Saturday, 14 June 2008

Friend Reunited, a Hand of Pork and Alice Beer

The sun is shining, the bar-b-cues are being fired up down the cul-de-sac. I went into town and met friends, we discussed the price of a hand of pork which one amongst us was cradling like a small baby in her arms. It may seem mundane but amongst friends such small things are not boring, are not inconsequential. We can talk about other more cataclysmic things on both a global and personal level. We have shared much more personal things that touch each nerve around a table in a cafĂ© but everyone should be so lucky as to have someone with whom they can discuss the price of a hand of pork and know this will be of interest. Perhaps you dear reader do not think such things are important enough to discuss in a blog but the price of a hand of pork is just an example of the small things which can be brought to friends without fear of feeling shallow or just talking for the sake of talking. There are all those conversations overheard in bars between male friends about the best route to Mansfield or the effective use of a full back, who set fire to the science teacher’s lab coat twenty years before, whether The Who was the best live band ever. This may be boring, it may be talking for the sake of having something to say but it also gives you the sense of being with others who will give you the time of day.

Friendship is a valuable thing, a truism, but sometimes you forget how much it means. I have people out there in the world not tied to me by blood who are connected to me by ties far stronger than sometimes blood can bind. I am also aware that there are friends who fit certain periods in our lives, who came and went and we both moved on, things change. What I was thinking about this morning was whether that petering out of a friendship is just what happens or just easier to deal with in those terms. We can’t divorce friends, we just stop seeing them. Of course a big bust up punctuates something but most friendships just dribble away into Christmas cards.

All this is leading up to a decision about a University reunion I have been asked to attend. Do I go? I am not in contact with anyone from those days. I am a different person in many ways from then. There are those I thought a pain in the butt and others I got along with really well. That entire ‘Friends Reunited’ thing is mostly driven by curiosity or perhaps morbid curiosity or strange unresolved issues with that girl or boy you fancied.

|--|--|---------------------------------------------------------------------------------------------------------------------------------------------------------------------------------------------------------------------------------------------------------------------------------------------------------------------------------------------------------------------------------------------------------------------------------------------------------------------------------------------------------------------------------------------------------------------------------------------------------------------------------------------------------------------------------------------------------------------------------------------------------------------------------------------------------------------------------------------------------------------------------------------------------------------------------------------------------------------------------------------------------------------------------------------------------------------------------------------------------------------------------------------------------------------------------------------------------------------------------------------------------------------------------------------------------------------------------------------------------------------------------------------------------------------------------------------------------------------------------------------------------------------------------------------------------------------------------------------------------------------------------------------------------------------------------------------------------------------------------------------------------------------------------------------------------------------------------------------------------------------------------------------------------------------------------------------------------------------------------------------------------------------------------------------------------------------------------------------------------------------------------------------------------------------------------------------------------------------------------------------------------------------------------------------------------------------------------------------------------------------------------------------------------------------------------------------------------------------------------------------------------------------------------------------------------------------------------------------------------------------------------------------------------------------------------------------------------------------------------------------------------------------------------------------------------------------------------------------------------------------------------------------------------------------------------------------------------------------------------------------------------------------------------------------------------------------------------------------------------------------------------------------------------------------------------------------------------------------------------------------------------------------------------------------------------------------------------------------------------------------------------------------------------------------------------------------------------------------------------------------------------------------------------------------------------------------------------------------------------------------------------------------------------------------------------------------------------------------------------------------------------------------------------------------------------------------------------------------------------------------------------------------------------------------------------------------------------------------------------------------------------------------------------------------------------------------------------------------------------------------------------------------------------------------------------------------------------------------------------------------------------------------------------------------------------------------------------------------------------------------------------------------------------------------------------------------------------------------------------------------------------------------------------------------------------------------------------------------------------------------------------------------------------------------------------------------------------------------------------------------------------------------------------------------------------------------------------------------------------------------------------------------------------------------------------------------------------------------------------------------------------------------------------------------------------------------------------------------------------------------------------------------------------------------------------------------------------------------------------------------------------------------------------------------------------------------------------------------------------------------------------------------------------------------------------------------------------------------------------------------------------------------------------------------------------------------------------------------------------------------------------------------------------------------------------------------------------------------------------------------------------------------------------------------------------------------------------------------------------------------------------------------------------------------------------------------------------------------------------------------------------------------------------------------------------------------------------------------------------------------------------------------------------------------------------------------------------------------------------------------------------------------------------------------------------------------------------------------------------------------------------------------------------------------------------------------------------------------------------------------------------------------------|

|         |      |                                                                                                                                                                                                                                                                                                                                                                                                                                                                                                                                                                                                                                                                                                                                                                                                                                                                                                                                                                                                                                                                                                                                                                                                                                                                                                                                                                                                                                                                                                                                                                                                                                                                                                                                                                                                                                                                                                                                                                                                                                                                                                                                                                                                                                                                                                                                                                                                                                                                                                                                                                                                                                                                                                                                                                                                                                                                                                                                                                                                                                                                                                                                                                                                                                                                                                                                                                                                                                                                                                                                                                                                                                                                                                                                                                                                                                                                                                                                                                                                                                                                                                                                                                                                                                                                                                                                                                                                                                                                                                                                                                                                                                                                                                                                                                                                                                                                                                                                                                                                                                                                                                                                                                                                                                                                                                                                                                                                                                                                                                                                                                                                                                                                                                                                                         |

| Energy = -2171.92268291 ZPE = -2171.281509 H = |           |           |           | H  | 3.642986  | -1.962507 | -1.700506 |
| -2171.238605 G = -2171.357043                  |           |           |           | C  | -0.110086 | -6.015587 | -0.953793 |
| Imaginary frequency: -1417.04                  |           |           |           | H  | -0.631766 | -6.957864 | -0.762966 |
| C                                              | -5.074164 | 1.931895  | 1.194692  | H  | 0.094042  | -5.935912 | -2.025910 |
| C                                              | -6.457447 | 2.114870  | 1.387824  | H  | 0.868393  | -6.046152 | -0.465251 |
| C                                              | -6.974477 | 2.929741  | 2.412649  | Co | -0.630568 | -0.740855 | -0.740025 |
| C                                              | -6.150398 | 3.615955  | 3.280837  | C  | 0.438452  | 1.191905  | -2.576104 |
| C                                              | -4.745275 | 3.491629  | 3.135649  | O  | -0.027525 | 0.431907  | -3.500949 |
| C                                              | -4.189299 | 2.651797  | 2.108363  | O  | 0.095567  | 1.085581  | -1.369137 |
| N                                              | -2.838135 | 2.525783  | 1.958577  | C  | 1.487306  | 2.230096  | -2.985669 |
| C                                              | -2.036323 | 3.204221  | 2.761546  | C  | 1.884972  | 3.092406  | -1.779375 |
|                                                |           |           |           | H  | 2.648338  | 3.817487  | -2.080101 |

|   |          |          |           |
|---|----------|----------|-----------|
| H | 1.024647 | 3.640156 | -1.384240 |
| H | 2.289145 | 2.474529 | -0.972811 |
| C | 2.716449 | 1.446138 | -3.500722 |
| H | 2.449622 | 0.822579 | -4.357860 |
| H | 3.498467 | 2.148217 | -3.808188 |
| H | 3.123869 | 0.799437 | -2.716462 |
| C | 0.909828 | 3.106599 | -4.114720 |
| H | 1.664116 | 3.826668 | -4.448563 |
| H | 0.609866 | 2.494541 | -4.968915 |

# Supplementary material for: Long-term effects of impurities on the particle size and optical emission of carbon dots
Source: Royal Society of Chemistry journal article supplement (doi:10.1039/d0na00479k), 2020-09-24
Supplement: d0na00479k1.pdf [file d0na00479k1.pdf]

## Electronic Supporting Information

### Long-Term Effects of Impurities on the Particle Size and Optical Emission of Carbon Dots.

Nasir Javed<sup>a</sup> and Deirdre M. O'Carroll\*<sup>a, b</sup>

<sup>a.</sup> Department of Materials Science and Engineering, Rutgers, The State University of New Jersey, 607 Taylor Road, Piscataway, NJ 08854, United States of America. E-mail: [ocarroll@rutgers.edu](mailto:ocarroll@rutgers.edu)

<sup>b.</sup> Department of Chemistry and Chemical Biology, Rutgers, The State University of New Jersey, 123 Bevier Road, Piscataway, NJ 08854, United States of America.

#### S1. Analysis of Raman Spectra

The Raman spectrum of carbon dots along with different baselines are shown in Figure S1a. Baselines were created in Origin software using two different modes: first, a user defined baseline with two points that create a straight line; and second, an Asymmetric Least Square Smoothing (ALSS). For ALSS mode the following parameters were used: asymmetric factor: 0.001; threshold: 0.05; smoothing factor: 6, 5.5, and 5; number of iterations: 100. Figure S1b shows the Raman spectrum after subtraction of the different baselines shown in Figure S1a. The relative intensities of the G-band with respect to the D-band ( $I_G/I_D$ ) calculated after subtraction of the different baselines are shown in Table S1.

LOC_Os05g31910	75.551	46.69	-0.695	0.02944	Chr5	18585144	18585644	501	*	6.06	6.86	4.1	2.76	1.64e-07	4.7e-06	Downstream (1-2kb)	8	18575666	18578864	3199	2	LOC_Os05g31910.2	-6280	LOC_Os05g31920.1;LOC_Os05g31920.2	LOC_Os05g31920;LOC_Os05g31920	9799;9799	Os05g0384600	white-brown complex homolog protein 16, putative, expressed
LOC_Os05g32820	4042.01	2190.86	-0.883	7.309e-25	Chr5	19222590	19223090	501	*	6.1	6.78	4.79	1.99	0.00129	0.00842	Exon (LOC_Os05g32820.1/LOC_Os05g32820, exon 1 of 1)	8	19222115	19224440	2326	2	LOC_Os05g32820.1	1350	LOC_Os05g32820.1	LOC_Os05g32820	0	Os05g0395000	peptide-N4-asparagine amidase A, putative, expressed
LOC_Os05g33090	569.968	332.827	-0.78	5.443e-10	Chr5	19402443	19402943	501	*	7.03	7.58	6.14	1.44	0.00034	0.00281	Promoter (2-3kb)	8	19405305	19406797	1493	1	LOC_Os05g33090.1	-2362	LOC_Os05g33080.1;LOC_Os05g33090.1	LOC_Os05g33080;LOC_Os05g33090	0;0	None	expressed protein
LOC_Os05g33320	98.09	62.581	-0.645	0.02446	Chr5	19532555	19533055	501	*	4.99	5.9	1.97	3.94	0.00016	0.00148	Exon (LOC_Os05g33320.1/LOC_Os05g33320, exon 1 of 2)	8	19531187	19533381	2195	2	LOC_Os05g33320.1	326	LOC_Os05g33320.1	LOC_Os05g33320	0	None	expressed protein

Is the acne ridden girl who couldn’t string two words together without blushing now a stunningly beautiful and confident woman? Is that boy who thought he was god’s gift to girls now an overweight, balding Dyna-rod man? There is also some need to show others you have survived whatever trauma school and university presented. Showing how far you have come since last they saw you dressed like a jumble sale at a hippy commune and smoking Consulate could be good but showing how much weight you have gained and that you live in a council house and work for less money than they in fact pay a Dyna-rod man (or person to be PC) is maybe bad.

But then there are the people you called friends back then, those you laughed and drank in pubs with, who borrowed your best dress and got wine on it but you forgave, who sat up and mainlined on pro-plus with you so you could get through revision together, those who knew to save you the orange fruit gums and understood that it wasn’t the time of the month that made you bite their head off sometimes. There are those that have dribbled way beyond annual Christmas cards into that great vat called lost and gone. What do you say to those at such reunions should they appear? Is it wise to re-kindle something that is a pale imitation of past friendship based mainly on a small snippet of shared past history or is it best to just let it all go? I have no idea and am still pondering on my motives for going, plain old nosiness is of course allowable, pleasure at knowing past friends are well and happy would be good but what if past friends are not well and happy, how would I deal with that? I think too much sometimes but at the very least I hope all of my past friends have someone to discuss a hand of pork with.

I am putting a link to a poem by Alice Beer. I met Alice on a creative writing course four years ago. She is a phenomenon. She is way past ninety (although she keeps her exact age a secret) and full of life, subtle and wry humour and that real wisdom (not the phoney kind) that comes with having lived so long and through so much. She got out of Vienna just before the Anshluss and she and her children were separated from her husband for some time during the course of the war as he remained there. I always recall her saying that she came to writing quite late in life “but at 75 or so you need to start something new!” When discussing the subtext of a poem on this course which seemed to imply a lot of anger, she waved her hand around, sat back and said in her small quiet voice which still holds a tinge of an accent, “Ah anger, anger, best to just let it go, let it go.” Scroll down the page to her poem called How to Learn to Ride a Bicycle. This considers succinctly the issues I am thinking about old lost friends (if lost and friend is not a contradiction in terms). Of course it is, like all good poems, about other things as well.